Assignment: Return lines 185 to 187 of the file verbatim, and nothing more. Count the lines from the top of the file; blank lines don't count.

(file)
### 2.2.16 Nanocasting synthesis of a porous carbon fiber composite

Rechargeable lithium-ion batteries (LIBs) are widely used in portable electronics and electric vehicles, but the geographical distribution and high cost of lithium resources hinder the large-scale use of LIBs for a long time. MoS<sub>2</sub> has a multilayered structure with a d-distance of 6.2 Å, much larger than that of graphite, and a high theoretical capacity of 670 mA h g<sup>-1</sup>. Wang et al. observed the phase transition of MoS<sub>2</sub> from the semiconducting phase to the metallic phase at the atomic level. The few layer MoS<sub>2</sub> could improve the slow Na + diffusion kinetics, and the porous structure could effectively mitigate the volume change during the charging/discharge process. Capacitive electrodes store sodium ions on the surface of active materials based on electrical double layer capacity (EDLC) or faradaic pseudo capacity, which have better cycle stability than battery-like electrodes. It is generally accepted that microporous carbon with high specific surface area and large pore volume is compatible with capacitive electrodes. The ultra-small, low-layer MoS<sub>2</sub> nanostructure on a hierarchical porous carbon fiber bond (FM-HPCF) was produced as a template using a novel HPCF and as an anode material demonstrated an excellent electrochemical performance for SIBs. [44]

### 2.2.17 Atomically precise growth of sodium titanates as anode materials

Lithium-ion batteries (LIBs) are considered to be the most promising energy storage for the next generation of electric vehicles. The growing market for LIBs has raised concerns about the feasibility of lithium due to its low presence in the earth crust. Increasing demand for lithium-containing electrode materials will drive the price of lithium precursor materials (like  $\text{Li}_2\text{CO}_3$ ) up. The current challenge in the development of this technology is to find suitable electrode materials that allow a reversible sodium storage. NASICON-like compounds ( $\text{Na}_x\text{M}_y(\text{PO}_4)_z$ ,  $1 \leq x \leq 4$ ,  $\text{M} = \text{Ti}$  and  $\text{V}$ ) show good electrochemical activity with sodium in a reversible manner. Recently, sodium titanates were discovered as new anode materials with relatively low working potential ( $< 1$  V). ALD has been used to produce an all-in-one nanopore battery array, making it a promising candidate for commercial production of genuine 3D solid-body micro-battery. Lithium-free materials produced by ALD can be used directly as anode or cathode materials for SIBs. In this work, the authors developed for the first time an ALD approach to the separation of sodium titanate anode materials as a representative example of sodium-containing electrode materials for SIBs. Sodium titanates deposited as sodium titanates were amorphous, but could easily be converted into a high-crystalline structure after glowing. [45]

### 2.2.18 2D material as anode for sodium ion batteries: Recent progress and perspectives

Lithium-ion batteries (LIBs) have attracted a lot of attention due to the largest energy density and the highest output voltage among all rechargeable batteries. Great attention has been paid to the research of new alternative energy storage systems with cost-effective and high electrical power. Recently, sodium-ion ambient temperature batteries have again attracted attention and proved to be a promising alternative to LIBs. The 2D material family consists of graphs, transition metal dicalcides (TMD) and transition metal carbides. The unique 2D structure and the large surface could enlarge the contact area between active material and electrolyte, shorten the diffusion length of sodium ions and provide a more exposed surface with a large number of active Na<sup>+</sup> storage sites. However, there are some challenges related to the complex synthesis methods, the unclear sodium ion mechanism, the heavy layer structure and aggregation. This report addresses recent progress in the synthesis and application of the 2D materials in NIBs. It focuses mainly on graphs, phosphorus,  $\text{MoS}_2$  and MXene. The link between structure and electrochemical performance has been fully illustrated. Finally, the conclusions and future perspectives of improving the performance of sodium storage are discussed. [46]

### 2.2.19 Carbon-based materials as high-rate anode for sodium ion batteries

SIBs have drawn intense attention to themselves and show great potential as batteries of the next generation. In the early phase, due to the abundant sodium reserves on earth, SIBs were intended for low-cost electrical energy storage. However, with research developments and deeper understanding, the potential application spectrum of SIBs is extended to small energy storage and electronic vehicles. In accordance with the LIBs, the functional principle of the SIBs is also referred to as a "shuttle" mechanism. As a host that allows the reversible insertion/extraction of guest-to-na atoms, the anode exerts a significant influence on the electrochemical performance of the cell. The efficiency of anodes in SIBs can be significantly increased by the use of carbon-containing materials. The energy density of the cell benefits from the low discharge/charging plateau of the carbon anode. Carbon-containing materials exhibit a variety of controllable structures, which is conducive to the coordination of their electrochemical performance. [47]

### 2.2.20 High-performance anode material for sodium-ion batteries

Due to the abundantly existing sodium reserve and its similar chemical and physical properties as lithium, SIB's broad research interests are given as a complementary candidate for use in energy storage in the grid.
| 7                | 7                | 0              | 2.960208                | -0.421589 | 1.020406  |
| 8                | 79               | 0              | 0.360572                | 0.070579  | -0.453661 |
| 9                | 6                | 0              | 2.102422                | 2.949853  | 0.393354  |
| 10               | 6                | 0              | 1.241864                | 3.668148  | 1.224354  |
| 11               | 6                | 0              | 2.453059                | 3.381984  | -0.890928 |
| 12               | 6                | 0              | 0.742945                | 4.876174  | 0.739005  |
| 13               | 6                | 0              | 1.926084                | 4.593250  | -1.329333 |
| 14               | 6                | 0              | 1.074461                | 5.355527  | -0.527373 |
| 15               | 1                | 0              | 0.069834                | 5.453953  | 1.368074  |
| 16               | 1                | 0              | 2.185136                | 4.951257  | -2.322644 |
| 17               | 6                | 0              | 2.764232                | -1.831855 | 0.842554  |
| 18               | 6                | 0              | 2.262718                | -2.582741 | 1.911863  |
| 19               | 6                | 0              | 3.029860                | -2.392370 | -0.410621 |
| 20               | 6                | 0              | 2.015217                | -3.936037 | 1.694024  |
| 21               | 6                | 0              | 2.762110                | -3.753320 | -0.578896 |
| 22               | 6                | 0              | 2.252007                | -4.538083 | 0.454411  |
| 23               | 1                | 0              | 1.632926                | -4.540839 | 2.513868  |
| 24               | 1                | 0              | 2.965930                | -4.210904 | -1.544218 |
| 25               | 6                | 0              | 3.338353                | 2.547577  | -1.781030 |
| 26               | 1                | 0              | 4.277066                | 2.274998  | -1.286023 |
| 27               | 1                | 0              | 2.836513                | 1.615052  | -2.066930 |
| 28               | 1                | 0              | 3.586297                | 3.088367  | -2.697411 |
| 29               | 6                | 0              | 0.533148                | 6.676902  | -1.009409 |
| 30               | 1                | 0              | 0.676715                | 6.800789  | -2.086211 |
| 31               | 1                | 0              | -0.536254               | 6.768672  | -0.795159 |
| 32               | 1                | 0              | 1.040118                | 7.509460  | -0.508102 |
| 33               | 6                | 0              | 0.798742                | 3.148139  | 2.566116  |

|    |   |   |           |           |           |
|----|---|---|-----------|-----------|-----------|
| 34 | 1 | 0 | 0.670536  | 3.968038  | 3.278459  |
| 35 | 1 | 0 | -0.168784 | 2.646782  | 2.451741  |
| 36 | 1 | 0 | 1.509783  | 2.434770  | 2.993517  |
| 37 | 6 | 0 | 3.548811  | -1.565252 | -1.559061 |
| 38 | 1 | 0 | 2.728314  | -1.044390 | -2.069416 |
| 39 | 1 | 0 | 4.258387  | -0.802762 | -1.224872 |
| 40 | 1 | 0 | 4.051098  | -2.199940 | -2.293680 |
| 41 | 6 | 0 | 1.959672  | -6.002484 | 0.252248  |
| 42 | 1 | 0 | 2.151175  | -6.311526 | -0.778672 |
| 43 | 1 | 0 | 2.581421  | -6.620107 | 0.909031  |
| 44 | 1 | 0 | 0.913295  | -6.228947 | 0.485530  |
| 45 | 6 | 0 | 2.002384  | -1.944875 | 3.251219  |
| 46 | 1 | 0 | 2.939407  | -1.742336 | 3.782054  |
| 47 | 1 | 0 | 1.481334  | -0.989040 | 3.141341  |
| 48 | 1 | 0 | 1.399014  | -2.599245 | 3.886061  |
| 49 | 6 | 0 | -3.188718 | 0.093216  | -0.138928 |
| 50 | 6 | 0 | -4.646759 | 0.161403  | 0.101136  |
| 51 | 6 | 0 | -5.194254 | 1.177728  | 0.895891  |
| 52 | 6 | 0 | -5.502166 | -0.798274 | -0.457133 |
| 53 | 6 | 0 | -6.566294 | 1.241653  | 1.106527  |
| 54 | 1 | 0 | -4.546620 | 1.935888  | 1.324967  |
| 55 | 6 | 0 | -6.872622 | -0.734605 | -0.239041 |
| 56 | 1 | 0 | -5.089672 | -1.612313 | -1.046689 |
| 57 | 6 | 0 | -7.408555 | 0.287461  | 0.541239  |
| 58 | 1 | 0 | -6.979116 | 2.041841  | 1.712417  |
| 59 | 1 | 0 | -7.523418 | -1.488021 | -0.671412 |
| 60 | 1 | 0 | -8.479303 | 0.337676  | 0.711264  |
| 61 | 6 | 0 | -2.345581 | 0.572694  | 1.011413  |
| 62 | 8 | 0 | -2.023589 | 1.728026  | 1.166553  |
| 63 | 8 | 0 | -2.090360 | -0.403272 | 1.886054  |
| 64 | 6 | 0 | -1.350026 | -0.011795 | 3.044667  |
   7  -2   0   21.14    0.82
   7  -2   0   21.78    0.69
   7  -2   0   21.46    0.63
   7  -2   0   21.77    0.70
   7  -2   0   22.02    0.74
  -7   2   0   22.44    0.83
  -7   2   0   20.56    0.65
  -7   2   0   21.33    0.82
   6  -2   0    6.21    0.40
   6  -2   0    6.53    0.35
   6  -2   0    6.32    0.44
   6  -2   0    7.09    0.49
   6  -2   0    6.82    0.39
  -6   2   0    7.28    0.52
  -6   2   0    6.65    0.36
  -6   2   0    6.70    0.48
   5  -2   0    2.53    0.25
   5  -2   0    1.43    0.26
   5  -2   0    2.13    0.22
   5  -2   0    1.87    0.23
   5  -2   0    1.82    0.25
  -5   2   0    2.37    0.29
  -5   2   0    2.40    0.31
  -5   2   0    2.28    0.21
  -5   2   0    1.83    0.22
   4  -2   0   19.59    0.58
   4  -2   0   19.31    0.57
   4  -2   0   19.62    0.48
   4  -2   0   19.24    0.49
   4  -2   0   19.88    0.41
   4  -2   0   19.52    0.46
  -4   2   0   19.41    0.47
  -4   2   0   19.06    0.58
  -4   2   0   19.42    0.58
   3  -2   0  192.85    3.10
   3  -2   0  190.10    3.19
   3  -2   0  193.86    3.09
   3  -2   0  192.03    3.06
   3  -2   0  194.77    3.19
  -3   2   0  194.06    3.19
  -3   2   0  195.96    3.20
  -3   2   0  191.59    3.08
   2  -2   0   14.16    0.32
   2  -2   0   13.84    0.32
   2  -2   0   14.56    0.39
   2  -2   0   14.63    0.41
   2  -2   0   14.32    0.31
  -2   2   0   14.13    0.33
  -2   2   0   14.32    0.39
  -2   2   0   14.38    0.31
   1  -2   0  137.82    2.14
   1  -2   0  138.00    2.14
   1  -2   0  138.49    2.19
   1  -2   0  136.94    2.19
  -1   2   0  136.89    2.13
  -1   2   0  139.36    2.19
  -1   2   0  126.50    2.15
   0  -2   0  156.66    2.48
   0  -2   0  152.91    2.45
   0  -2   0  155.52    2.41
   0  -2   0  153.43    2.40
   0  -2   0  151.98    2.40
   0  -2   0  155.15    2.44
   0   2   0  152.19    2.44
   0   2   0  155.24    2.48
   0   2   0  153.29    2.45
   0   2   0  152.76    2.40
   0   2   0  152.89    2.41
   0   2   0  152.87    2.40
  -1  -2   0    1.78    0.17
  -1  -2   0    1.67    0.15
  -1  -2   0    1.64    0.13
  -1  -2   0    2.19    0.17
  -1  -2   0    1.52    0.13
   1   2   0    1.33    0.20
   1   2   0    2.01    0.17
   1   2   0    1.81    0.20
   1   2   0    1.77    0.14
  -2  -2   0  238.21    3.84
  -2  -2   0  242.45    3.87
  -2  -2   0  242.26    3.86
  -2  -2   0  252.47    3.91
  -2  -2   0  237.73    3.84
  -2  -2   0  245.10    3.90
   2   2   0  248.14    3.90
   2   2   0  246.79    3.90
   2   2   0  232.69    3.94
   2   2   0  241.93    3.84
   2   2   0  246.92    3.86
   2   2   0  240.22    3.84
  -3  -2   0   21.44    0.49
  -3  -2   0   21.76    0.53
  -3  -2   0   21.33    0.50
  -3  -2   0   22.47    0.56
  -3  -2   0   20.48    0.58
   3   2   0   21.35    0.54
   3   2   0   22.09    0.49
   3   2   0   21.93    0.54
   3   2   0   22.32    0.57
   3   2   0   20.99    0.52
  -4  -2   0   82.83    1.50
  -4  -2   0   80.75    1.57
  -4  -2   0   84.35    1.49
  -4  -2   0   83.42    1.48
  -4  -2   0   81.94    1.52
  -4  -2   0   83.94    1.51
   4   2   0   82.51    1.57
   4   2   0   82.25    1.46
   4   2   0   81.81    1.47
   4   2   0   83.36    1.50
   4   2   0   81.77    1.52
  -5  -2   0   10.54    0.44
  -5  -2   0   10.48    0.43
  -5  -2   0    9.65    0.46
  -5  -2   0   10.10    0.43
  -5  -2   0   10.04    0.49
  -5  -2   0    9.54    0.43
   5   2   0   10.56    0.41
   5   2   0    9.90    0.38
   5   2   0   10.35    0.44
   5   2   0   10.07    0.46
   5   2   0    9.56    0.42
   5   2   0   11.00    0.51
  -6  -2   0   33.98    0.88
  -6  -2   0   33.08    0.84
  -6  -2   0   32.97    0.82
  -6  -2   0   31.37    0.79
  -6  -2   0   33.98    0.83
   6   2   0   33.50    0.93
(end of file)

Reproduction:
  -5  -2   0   10.10    0.43
  -5  -2   0   10.04    0.49
  -5  -2   0    9.54    0.43